Expansion of Medicaid Services for Children and Families

One of the themes developed by the Children’s Medicaid Redesign Team (MRT) Subcommittee included the desire to improve the children’s service system, including the expansion of children’s benefits under Medicaid. The vision of the design is a children’s system where we:

  • intervene early in the progression of behavioral and physical health needs to achieve better outcomes at less lifetime cost;
  • are accountable for outcomes across all payers; and
  • have solutions to address the unique needs of children in a unified, integrated approach.

The Office of Mental Health (OMH), Office of Alcoholism and Substance Abuse Services (OASAS), Office of Children and Family Services (OCFS), and the Department of Health (DOH) jointly established six new Medicaid services to benefit New York State’s children from birth up to 21 years of age. Rather than establishing a separately licensed program, New York is developing these children State Plan Amendment (SPA) services under the Early Periodic Screening, Diagnosis and Treatment (EPSDT) section of Medicaid. This gives greater flexibility to providers in designing service models and in incorporating these services in creative ways with children’s schools, homes and community connections. These six services will be available to any child eligible for Medicaid who meets relevant medical necessity criteria and has a treatment plan with identified goals and objectives. SPA services enable child-serving agencies to focus on prevention and wellness and improving integration of behavioral health and health focused services earlier in a child’s life. The array of services will allow interventions to be delivered in natural community-based settings where children and their families live, go to school and play.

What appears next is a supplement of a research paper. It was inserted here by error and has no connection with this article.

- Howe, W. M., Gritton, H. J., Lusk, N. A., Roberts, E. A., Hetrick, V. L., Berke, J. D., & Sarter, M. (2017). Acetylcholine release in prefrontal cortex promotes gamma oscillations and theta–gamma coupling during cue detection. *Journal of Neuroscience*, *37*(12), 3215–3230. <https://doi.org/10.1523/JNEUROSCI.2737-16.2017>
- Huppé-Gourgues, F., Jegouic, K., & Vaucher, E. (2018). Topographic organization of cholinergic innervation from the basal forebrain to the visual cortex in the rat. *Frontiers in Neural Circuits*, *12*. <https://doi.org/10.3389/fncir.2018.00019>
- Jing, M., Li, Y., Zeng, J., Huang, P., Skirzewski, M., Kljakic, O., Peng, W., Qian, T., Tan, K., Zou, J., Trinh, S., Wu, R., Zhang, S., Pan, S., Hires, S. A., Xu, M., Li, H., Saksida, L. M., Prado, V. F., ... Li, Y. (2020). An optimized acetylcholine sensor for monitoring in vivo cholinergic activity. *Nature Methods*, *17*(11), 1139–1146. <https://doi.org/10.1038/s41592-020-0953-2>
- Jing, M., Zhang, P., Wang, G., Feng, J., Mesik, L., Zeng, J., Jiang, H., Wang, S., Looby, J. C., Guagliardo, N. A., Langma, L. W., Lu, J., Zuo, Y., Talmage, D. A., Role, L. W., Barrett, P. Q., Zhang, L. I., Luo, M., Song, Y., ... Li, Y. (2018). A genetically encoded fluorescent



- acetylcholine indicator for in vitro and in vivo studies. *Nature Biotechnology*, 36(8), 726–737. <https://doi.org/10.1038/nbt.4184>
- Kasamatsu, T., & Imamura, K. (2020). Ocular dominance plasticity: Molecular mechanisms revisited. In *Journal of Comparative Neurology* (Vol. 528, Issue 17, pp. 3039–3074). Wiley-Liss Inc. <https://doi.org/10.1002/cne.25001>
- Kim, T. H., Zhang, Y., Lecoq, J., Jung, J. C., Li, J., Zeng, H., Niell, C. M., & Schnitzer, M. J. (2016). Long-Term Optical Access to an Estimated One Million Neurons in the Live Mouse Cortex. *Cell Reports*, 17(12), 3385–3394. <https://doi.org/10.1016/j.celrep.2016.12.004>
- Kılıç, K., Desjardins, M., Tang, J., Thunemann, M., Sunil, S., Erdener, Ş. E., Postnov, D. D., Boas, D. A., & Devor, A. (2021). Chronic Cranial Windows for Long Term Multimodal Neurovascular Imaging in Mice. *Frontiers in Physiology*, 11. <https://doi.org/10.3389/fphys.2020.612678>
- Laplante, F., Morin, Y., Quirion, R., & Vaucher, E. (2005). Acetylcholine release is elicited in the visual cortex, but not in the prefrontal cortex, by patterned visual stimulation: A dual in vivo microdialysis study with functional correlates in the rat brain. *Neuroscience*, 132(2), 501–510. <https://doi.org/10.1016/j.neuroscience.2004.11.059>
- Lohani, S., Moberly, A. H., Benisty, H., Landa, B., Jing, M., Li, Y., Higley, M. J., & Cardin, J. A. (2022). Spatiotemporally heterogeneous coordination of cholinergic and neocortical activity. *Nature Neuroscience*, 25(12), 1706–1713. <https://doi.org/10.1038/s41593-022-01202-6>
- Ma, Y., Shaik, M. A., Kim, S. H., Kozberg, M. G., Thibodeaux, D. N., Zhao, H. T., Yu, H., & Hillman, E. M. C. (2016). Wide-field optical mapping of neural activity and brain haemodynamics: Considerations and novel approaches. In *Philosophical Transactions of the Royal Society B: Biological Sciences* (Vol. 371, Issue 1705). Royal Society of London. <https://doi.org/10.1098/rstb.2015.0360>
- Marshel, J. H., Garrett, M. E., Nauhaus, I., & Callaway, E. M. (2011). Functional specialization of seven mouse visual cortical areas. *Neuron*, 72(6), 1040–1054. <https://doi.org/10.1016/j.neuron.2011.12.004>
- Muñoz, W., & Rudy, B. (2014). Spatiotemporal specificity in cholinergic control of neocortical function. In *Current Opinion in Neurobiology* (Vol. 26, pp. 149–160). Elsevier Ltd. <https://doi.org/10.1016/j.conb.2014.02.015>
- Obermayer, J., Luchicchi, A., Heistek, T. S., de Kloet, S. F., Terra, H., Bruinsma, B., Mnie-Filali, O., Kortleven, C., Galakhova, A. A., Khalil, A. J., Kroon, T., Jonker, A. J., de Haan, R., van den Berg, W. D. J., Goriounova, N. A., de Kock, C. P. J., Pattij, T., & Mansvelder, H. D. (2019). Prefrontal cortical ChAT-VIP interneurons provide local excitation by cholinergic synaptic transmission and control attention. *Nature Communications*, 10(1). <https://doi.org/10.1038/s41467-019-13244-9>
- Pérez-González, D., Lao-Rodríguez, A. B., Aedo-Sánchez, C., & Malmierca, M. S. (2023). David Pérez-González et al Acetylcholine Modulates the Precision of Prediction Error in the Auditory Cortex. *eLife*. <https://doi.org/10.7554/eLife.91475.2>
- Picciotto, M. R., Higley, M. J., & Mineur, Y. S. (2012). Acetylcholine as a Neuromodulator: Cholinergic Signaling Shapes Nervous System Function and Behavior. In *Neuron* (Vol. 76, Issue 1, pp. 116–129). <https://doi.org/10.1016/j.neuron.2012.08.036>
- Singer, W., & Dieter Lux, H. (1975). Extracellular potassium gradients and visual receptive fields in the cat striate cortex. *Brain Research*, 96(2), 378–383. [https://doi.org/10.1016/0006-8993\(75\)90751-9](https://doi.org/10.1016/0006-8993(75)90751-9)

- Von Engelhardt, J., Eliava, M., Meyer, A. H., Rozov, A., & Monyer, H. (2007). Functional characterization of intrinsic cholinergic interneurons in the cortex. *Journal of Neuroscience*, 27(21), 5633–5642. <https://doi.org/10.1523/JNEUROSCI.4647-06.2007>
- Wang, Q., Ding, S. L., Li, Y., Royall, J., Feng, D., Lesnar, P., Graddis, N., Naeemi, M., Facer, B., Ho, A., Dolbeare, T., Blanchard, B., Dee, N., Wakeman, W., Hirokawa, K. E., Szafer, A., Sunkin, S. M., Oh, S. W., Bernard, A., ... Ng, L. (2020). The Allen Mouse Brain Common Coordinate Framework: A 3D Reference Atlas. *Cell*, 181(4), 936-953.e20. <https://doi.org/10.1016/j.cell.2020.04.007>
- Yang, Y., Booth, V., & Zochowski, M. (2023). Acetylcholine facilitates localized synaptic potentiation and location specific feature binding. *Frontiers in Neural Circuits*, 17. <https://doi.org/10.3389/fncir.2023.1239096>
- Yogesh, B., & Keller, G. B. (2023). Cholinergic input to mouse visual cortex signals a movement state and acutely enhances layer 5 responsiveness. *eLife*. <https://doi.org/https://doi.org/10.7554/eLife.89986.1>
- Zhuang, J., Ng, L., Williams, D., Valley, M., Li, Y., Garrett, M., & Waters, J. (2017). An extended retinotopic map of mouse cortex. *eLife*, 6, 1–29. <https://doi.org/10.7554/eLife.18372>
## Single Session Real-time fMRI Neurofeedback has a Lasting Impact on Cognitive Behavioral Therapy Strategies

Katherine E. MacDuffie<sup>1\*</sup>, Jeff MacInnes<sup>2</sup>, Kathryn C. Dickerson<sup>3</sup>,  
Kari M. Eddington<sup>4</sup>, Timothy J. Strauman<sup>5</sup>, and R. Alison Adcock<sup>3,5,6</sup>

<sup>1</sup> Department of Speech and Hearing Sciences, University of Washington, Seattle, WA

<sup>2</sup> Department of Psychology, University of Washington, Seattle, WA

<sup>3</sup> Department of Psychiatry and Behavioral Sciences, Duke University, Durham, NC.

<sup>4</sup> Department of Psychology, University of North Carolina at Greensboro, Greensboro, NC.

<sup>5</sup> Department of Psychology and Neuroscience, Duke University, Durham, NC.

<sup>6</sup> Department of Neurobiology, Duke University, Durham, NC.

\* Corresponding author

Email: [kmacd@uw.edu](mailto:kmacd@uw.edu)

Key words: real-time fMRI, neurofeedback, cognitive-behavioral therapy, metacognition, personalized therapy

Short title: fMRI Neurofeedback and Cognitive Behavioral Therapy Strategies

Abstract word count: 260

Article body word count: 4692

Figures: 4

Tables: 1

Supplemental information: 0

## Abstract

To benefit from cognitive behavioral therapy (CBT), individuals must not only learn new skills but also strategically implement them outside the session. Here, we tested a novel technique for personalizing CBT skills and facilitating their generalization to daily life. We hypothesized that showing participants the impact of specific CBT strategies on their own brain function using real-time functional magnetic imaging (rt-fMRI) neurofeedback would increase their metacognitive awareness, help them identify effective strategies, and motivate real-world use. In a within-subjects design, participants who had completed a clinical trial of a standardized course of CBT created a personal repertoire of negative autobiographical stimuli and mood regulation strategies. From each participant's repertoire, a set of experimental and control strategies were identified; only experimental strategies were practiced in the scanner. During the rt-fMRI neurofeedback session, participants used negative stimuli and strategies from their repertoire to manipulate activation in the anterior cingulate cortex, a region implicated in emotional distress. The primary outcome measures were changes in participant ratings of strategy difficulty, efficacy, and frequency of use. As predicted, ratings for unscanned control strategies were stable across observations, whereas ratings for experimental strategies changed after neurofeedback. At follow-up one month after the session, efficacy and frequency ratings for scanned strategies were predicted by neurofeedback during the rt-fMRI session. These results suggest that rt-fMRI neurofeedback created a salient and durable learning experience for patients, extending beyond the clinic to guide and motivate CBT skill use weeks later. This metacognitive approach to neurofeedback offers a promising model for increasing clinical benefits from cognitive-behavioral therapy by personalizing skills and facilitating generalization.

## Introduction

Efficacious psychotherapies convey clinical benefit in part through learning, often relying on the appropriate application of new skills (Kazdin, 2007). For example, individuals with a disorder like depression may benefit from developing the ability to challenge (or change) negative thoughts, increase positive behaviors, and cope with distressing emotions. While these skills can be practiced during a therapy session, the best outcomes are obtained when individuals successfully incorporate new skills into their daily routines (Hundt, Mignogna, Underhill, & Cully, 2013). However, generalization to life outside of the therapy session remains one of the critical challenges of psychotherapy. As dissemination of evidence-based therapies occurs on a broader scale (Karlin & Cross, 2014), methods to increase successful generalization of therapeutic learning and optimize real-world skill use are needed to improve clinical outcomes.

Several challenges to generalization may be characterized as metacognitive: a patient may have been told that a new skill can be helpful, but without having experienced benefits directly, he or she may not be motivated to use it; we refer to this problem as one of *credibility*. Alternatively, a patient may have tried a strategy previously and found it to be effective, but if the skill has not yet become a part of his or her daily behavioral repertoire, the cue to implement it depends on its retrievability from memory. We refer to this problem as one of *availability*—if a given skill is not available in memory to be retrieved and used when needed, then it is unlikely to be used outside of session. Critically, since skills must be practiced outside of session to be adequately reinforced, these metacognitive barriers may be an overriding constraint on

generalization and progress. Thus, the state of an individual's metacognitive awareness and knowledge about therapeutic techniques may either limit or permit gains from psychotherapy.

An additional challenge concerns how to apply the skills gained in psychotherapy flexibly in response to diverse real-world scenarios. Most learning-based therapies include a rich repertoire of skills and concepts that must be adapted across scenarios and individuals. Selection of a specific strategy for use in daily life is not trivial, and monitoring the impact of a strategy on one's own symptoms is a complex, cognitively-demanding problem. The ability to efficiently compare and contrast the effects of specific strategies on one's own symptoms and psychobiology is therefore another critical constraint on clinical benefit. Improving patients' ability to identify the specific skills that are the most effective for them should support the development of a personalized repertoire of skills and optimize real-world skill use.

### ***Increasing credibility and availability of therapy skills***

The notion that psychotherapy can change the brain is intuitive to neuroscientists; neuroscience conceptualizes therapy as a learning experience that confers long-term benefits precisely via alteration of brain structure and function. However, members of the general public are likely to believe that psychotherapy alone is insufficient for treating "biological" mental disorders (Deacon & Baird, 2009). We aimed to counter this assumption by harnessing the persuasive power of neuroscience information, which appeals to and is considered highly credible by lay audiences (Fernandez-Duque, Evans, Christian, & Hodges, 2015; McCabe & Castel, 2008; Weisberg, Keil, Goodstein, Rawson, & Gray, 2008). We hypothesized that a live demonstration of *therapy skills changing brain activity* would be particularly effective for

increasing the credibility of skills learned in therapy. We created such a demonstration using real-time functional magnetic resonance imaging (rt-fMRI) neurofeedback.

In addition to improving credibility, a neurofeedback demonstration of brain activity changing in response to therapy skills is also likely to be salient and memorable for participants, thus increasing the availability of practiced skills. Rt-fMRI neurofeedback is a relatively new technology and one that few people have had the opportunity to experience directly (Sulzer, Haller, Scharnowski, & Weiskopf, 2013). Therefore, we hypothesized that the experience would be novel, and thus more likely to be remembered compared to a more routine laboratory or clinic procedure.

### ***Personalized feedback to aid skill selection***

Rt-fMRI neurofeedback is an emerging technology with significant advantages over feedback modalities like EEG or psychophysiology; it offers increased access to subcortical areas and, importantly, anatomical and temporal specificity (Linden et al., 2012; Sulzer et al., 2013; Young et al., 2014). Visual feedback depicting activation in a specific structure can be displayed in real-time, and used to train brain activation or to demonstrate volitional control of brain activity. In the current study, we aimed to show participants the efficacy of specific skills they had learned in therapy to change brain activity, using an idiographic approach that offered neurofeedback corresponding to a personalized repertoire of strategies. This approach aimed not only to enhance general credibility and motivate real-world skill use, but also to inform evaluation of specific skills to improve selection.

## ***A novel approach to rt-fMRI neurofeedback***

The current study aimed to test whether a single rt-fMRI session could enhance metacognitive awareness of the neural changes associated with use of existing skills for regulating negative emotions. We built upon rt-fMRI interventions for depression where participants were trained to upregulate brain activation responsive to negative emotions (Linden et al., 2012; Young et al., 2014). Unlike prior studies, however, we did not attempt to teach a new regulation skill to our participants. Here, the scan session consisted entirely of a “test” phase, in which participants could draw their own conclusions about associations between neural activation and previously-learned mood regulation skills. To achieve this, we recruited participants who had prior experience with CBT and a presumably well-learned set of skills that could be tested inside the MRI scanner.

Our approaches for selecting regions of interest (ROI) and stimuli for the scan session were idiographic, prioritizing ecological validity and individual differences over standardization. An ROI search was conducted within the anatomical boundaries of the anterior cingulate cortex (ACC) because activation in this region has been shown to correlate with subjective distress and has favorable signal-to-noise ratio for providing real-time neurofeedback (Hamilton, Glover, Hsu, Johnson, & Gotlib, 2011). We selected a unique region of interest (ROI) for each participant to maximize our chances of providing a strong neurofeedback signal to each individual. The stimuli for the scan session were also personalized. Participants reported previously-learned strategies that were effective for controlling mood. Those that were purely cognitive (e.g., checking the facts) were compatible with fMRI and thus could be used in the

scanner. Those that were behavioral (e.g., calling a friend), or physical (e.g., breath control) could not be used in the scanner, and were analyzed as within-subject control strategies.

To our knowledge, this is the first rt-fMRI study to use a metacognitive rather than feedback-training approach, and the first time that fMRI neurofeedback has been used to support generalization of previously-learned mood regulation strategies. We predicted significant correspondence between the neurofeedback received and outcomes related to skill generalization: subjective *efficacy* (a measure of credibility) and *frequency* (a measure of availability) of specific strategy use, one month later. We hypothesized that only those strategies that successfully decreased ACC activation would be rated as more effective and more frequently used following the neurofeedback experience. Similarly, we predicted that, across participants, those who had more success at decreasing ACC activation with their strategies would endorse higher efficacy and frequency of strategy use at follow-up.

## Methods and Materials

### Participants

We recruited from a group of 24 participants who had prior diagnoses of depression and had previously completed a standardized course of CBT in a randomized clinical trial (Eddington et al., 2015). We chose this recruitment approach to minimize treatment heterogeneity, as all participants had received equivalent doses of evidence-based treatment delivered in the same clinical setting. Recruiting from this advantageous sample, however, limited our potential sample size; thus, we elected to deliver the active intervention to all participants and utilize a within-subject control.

The services are:

  • Crisis Intervention; 
  • Community Psychiatric Supports & Treatment; 
  • Family Peer Support Services; 
  • Youth Peer Advocacy and Training; 
  • Other Licensed Practitioners; and
  • Psychosocial Rehabilitation Services.

Many in the children’s system hold out great promise in SPA services, including their ability to create a strong replacement for current school-based mental health clinics. There has long been a seemingly insurmountable crevasse between the requirements of an OMH-licensed mental health school-based clinic and the needs of the school/children, the ability to engage families and even the mismatch of session times with classroom periods. SPA services provide a pathway to achieve outcomes for kids by delivering engaging, evidence-based services that mesh with the school day and have the capacity to reach out to families. All of this with what we hope will be a reasonable financial model. The table in the following link is designed to reflect the creative application of SPA services to identifying and intervening earlier with children and adolescents: SAE SPA Services Table and Timeline 2016.

NYS has not yet released rates for the SPA services. A final SPA manual with detail on how agencies can apply for designation as a SPA provider is anticipated in the Fall of 2016, with the State’s target of service onset in January 2017.

This Issue Brief was written by Kristin Woodlock, RN, MPA, who has over 30 years of experience in State and County governments and nonprofits. She has extensive experience in Commissioner positions in New York, including the lead in Children’s Behavioral Healthcare. She has operated inpatient, outpatient and community services for children and co-authored The Children’s Plan.